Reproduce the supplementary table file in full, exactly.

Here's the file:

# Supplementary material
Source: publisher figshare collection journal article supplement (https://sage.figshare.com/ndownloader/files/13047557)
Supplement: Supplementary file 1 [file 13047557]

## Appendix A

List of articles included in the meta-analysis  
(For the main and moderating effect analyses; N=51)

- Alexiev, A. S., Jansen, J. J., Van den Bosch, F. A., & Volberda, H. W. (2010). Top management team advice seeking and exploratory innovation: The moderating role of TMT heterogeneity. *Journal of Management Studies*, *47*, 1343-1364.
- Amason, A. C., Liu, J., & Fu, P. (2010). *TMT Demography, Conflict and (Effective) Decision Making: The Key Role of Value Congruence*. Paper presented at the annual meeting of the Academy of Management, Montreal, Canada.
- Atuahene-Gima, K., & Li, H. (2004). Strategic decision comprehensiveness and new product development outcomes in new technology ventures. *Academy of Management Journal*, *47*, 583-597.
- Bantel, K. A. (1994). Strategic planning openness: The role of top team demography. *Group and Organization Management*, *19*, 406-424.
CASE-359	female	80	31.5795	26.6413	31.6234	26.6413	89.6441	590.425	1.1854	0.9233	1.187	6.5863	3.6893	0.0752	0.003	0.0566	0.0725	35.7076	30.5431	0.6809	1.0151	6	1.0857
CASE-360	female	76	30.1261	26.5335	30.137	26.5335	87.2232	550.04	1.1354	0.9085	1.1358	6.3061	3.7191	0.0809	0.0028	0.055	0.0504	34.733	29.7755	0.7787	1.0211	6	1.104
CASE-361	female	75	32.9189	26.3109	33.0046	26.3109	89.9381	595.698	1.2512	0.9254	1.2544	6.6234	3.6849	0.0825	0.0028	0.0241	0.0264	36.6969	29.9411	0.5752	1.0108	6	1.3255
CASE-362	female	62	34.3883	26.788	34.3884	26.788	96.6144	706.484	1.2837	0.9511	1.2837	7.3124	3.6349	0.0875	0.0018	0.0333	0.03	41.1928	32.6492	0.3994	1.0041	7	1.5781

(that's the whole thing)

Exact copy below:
# Supplementary material
Source: publisher figshare collection journal article supplement (https://sage.figshare.com/ndownloader/files/13047557)
Supplement: Supplementary file 1 [file 13047557]

## Appendix A

List of articles included in the meta-analysis  
(For the main and moderating effect analyses; N=51)

- Alexiev, A. S., Jansen, J. J., Van den Bosch, F. A., & Volberda, H. W. (2010). Top management team advice seeking and exploratory innovation: The moderating role of TMT heterogeneity. *Journal of Management Studies*, *47*, 1343-1364.
- Amason, A. C., Liu, J., & Fu, P. (2010). *TMT Demography, Conflict and (Effective) Decision Making: The Key Role of Value Congruence*. Paper presented at the annual meeting of the Academy of Management, Montreal, Canada.
- Atuahene-Gima, K., & Li, H. (2004). Strategic decision comprehensiveness and new product development outcomes in new technology ventures. *Academy of Management Journal*, *47*, 583-597.
- Bantel, K. A. (1994). Strategic planning openness: The role of top team demography. *Group and Organization Management*, *19*, 406-424.
CASE-359	female	80	31.5795	26.6413	31.6234	26.6413	89.6441	590.425	1.1854	0.9233	1.187	6.5863	3.6893	0.0752	0.003	0.0566	0.0725	35.7076	30.5431	0.6809	1.0151	6	1.0857
CASE-360	female	76	30.1261	26.5335	30.137	26.5335	87.2232	550.04	1.1354	0.9085	1.1358	6.3061	3.7191	0.0809	0.0028	0.055	0.0504	34.733	29.7755	0.7787	1.0211	6	1.104
CASE-361	female	75	32.9189	26.3109	33.0046	26.3109	89.9381	595.698	1.2512	0.9254	1.2544	6.6234	3.6849	0.0825	0.0028	0.0241	0.0264	36.6969	29.9411	0.5752	1.0108	6	1.3255
CASE-362	female	62	34.3883	26.788	34.3884	26.788	96.6144	706.484	1.2837	0.9511	1.2837	7.3124	3.6349	0.0875	0.0018	0.0333	0.03	41.1928	32.6492	0.3994	1.0041	7	1.5781